Is Berkeley the first cryptocurrency naming rights deal?

source:; author: michał

Is Berkeley the first cryptocurrency naming rights deal? The announcement made waves, forcing University of California (Cal) to clarify that the stadium name hasn’t really changed. Will the latest FTX deal change the market or be forgotten sooner than we think?


The sports venue market is no stranger to unusual naming rights, just ask Smoothie King Center if it earned them a few laughs aside from the more obvious dollars. Over the years even dating sites tried to acquire major stadium names, so it was bound to happen that a stadium would finally get a cryptocurrency-related naming. Just like with sports betting odds, there were quite a few parties crossing their fingers for such a deal to come to fruition. Finally, the day has come… or so a few news outlets suggested.

Back in August, Berkeley’s California Memorial Stadium became the first to get a sponsorship deal from a crypto-related company. Not a currency itself, rather a derivatives exchange. And not for the stadium name really, more for the field itself.

Contrary to Europe, field naming within a stadium isn’t new in the US, so it shouldn’t be that surprising to read that FTX acquired the name. For the next 10 years, California Memorial Stadium’s field will be named FTX Field.Nothing controversial, is it? And yet some news outlets suggested we’re dealing with a stadium naming rights deal indeed. This prompted the University of California to release a FAQ page, trying to reply to the misrepresentations. When the first answer begins with “Cal is NOT renaming California Memorial Stadium”, you know they’re in damage control mode.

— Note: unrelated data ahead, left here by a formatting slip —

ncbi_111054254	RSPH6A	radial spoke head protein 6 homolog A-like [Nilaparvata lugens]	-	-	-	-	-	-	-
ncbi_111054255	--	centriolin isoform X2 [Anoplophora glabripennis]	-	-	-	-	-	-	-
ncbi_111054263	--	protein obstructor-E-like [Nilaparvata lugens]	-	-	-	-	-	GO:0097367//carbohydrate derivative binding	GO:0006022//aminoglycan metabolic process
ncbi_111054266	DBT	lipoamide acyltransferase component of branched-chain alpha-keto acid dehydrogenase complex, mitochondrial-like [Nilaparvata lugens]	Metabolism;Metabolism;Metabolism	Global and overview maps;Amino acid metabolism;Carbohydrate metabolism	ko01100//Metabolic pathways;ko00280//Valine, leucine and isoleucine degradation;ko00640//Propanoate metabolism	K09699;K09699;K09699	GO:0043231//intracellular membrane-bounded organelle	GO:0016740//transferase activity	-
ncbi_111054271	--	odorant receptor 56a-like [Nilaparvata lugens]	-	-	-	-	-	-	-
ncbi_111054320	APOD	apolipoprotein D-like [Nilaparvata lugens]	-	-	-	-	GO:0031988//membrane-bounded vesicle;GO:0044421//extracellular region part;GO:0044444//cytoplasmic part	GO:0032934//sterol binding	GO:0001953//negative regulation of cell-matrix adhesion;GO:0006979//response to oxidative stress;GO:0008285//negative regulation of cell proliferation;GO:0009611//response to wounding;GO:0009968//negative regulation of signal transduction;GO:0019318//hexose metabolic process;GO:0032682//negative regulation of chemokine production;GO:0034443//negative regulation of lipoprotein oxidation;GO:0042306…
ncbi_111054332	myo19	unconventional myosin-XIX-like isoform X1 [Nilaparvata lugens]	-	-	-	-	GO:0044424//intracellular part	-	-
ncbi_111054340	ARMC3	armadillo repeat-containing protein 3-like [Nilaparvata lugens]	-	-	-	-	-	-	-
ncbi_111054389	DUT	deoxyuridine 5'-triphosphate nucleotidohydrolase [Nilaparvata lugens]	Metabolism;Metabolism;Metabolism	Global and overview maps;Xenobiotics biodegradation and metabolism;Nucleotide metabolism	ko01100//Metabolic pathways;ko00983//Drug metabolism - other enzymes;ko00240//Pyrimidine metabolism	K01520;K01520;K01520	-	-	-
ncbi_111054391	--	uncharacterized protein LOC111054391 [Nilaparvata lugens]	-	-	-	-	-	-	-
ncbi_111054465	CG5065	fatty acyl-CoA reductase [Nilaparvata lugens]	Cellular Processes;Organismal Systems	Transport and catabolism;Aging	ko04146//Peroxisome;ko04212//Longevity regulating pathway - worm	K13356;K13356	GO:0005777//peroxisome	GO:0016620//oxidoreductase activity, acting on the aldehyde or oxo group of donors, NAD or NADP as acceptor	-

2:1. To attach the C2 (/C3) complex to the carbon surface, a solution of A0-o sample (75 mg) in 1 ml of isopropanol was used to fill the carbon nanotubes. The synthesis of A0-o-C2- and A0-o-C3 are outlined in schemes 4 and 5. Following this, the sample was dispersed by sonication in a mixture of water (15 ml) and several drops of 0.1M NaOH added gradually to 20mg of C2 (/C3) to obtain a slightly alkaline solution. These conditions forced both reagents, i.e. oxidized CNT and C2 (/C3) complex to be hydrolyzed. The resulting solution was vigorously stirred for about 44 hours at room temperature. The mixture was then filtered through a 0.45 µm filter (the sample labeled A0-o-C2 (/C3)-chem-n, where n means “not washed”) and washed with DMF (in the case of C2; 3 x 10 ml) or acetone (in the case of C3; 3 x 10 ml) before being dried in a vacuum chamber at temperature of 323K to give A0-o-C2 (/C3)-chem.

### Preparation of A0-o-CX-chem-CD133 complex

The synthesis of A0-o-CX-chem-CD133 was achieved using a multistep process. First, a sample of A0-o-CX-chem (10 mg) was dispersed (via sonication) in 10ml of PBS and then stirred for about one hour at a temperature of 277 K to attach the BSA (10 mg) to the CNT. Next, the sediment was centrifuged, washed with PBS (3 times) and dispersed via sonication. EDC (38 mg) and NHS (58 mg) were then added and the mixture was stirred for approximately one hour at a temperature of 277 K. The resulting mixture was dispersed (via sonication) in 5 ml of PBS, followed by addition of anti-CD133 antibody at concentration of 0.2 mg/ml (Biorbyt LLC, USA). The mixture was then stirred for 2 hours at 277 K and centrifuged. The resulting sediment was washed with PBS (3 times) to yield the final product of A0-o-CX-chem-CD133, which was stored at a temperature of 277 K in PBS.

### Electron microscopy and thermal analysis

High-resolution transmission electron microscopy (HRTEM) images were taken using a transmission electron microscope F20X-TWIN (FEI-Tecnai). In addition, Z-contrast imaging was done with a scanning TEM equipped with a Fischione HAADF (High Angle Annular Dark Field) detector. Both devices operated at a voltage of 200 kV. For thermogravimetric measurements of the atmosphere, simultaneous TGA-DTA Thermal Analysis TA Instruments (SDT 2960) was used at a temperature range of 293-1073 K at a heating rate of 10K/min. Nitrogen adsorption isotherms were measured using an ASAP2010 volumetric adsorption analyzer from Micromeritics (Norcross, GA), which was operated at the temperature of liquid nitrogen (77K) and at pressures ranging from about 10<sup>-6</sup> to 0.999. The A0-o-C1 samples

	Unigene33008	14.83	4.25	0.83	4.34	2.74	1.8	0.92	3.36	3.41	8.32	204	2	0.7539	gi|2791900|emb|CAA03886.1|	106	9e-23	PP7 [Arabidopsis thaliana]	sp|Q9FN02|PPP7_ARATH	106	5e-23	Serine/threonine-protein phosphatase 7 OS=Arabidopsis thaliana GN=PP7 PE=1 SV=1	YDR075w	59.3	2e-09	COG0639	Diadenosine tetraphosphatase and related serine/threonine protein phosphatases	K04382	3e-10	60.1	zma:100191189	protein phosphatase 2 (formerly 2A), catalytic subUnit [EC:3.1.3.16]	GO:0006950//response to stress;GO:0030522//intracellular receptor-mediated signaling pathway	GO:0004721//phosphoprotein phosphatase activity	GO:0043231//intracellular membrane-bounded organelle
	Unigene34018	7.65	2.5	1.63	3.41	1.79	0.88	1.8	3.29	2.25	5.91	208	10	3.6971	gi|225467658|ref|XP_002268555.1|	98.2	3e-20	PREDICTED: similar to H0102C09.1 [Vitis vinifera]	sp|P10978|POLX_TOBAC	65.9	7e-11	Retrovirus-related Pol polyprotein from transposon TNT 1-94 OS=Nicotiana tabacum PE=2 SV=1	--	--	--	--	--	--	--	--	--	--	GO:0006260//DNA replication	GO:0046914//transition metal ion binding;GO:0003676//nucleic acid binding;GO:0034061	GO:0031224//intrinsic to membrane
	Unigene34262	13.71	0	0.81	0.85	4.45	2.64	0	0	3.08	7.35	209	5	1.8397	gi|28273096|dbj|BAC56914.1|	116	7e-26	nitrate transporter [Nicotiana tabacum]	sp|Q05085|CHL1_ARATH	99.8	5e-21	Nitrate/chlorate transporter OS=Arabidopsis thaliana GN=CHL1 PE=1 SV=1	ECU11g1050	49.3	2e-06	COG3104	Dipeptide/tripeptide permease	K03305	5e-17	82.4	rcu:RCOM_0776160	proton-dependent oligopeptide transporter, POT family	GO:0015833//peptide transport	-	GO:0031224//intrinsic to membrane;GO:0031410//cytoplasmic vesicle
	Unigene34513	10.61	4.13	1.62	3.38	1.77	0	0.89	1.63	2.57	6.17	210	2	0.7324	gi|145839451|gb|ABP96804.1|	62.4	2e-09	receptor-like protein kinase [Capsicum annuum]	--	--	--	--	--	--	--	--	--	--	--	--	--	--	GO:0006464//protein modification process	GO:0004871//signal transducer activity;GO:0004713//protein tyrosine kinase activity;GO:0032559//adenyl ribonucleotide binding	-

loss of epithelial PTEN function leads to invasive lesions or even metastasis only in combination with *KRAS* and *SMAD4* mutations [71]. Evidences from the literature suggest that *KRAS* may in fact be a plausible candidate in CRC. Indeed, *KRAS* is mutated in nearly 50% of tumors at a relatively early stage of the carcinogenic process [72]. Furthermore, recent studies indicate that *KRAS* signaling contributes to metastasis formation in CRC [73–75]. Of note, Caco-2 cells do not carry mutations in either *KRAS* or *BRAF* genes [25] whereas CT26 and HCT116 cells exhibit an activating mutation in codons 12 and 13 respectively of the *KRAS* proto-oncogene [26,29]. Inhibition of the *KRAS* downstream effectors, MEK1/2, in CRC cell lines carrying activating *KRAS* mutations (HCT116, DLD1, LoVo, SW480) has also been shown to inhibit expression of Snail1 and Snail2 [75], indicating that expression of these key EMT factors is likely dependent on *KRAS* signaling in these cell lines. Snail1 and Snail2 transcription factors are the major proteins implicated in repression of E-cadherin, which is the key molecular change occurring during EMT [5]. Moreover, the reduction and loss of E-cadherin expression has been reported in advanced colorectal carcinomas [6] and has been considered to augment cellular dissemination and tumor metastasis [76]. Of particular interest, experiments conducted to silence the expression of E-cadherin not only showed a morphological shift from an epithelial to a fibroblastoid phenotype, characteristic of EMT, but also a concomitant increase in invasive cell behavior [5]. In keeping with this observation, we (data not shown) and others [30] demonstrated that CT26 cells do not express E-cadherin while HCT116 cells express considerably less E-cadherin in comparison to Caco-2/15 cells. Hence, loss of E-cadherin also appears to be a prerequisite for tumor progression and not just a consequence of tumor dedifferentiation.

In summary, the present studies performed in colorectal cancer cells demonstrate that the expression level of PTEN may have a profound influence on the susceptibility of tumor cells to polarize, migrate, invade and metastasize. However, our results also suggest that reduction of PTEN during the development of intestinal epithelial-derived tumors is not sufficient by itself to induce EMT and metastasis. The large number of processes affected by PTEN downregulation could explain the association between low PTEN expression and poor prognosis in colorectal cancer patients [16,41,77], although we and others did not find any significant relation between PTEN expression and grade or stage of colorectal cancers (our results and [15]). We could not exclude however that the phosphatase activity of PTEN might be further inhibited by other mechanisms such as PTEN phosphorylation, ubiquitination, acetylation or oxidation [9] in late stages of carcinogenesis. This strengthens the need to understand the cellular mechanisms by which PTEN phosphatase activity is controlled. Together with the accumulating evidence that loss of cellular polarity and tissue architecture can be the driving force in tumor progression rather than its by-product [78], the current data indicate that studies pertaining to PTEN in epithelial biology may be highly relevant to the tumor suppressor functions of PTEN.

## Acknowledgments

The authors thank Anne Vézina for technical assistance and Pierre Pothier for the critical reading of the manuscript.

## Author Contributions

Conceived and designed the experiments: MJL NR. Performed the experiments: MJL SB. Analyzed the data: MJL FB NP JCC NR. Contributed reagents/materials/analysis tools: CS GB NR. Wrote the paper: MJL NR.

California Memorial Stadium, Berkeley

The deal itself is also of no particular value. Don’t get us wrong, $17.5 million over a decade is nothing to be sniffed at, yet it’s still just $1.75 million annually. Is it newsworthy? Not really, that is until you can hype it by claiming that the entire sponsorship deal with FTX would be paid for in cryptocurrency. Which was a trick used by FTX chief operating officer Sina Nader, who marketed the deal as the “first deal of it's kind done 100% in crypto”.

After all, a major university accepting payment in cryptos would legitimise the still remote world of cryptocurrencies. Although it was claimed by major media like the Chronicle, it’s not true at all. Learfield, University of California’s multimedia rights partner, would indeed receive funding in cryptocurrency, however the university itself is still expected to be paid in cash annually.

All in all, the deal is a very decent one for Cal. While upgraded over the past decade, their Memorial Stadium is far from the biggest in collegiate football, with just over 60,000 capacity. The deal’s value is solidly above average and Sina Nader used to play defensive end for the university. So, despite all the buzz, it’s a more traditional deal than it may seem. And, just like with most traditional naming rights deal, you cannot really expect people to use the entire FTX Field at California Memorial Stadium, can you?